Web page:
Maths and Data

Mathematics……. do I hear groans and shudders all around? This was the subject that was the bane of our existence, probably from age 0 – 20 (or 30 if you are a Ph.D). This was also the subject which skewed down our grades!

Well, Mathematics is the darling of the world now – and I don’t just mean in designing exotic derivatives but for everyone from Facebook to UPS to Exxon Mobil. I am talking about Data Sciences and Algorithms.

Let me start by recounting a recent incident at a Target store in the US. Every time we go shopping, we inadvertently communicate a lot about our likes, dislikes, age, preferences, even our social status and education. Target assigns every customer a guest ID number which is linked to the customer’s name, email ID, phone number and so on. Now this guest ID is ‘tagged’ with the customer’s purchases, buying patterns, etc.

Charles Duhigg in his NYT article recounts his interview with Andrew Pole, a Target statistician:

“[Pole] ran test after test, analyzing the data, and before long some useful patterns emerged. Lotions, for example. Lots of people buy lotion, but one of Pole’s colleagues noticed that women on the baby registry were buying larger quantities of unscented lotion around the beginning of their second trimester. Another analyst noted that sometime in the first 20 weeks, pregnant women loaded up on supplements like calcium, magnesium and zinc. Many shoppers purchase soap and cotton balls, but when someone suddenly starts buying lots of scent-free soap and extra-big bags of cotton balls, in addition to hand sanitizers and washcloths, it signals they could be getting close to their delivery date”

“As Pole’s computers crawled through the data, he was able to identify about 25 products that, when analyzed together, allowed him to assign each shopper a “pregnancy prediction” score. More important, he could also estimate her due date to within a small window, so Target could send coupons timed to very specific stages of her pregnancy.

One Target employee I spoke to provided a hypothetical example. Take a fictional Target shopper named Jenny Ward, who is 23, lives in Atlanta and in March bought cocoa-butter lotion, a purse large enough to double as a diaper bag, zinc and magnesium supplements and a bright blue rug. There’s, say, an 87 percent chance that she’s pregnant and that her delivery date is sometime in late August.”

Over a period of time, Target became good, really good, at predicting what the customer could need. So what happened next is both funny and scary at the same time. A shopper called a Target store manager complaining that his daughter, who was still in high school was getting advertisements for baby products. He wanted, very angrily, to know if Target was encouraging high school girls to get pregnant. The store manager immediately apologized and assured him that this will not happen again. The store manager was so worried that he called the shopper again after a few days to apologize again…guess what.. his daughter was pregnant!!!! Just that he did not know it then.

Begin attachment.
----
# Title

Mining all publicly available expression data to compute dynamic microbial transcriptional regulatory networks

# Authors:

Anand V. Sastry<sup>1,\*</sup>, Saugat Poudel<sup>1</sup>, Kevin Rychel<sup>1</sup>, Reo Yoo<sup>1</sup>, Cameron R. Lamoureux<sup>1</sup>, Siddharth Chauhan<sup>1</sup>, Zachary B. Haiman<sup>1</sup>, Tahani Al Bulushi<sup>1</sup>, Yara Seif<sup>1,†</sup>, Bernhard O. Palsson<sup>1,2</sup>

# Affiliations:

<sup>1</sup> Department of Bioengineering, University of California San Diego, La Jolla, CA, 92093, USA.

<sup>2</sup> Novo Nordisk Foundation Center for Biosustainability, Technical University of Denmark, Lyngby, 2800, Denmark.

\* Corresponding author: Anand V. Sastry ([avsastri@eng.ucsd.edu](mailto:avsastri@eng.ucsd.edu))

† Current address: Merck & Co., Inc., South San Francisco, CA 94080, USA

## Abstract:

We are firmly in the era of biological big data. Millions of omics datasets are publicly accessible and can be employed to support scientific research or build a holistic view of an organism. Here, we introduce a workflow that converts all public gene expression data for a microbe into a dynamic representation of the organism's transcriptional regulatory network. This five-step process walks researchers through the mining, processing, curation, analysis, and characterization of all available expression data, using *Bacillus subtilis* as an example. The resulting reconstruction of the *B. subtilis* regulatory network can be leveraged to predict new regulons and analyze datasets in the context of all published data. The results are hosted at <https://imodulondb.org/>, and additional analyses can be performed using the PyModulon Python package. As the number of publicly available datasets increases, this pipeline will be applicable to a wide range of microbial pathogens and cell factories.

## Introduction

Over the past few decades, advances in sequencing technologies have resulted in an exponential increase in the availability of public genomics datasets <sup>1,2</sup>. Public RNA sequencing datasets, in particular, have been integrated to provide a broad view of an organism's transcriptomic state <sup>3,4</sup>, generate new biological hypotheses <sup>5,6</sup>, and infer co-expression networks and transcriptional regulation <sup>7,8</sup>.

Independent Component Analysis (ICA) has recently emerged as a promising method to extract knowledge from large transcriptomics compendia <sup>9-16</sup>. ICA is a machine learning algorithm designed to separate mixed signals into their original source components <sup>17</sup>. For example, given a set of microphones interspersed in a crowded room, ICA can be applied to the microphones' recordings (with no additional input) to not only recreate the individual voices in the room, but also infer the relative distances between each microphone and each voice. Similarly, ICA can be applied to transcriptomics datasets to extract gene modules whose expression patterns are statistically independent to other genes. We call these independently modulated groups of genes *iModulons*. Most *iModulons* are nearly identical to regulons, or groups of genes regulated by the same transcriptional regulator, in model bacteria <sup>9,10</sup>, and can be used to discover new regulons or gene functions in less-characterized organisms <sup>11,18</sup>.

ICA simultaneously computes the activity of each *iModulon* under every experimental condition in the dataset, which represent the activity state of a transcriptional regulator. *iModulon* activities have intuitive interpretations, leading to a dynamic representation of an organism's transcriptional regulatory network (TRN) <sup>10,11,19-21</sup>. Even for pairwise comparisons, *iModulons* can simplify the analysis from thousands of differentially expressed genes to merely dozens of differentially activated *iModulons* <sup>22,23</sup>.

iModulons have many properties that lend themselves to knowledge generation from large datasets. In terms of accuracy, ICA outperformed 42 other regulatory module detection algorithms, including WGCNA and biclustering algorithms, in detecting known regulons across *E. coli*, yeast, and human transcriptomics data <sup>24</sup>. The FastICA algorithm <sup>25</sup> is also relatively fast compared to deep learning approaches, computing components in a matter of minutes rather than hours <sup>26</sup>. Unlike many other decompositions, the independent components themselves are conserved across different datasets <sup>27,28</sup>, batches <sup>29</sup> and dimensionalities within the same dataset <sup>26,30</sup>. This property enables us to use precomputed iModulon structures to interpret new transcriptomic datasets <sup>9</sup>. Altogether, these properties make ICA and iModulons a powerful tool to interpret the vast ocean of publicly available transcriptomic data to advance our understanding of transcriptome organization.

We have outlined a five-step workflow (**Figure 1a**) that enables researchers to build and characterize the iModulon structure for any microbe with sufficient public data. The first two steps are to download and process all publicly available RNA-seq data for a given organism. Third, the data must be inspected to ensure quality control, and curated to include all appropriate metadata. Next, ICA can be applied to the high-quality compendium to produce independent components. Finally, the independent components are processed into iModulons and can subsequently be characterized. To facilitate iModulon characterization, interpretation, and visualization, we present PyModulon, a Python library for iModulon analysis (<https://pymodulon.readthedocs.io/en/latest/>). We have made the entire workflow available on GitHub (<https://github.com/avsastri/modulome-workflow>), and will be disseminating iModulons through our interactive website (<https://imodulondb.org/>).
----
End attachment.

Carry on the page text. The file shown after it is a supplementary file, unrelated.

To my mind, nobody is as good at this stuff than Try browsing some books on Amazon for a few days – browse only the books you like of course. The next time you visit, you will notice a section called ‘Recommendations for you’. These recommendations are excellent. I myself have gotten to a stage that if I feel like doing some book buying, I go to Amazon, then search books that I have already read and liked, and then wait for the recommendations to come up. At least 8 times out of 10, the recommendations are bang on!!

The driving factor is the explosion of data in the world – our Facebook posts, shared Pinterest posts, instragram photos, blogs, and so on are all part of that data. For instance, Facebook intends to start targeted advertising based on your posts. Say you post a update “Can’t wait for my holiday” – Facebook will then serve ads for cheap airline tickets or car rentals or swimsuits and so on. With 400 million users, Facebook can’t do this manually – enter algorithms and data analysis! This sort of data analysis or ‘Data Sciences’ analyzes large data sets and spots patterns and even ‘learns’ consumer behavior by analyzing this data. This analysis is also useful is predicting behavior or needs, like the pregnant teen at Target.

I am not getting into the mathematics of data sciences, it is beyond the scope of this post (and honestly, beyond the scope of knowledge), but Maths has probably never been so important.

Now the problem is that for the past few decades, unlike engineering or business, not many people have actually been taking up Applied Mathematics as a career. According to McKinsey in a Gigacom article, “by 2018, the United States will have a shortage of “1.5 million managers and analysts with the know-how to use the analysis of big data to make effective decisions,” and a shortage of almost 200,000 people with the deep analytical skills necessary for data science.” And of course, our wonderful primary and secondary education system will ensure that India will always be short of mathematicians.

So if you are one of the rare ones, get ready….your life is about to get a lot better…

2 Responses

  1. More than math, it’s good level of understanding in statistics that’s missing, if you’re talking about ‘big data’ that is.

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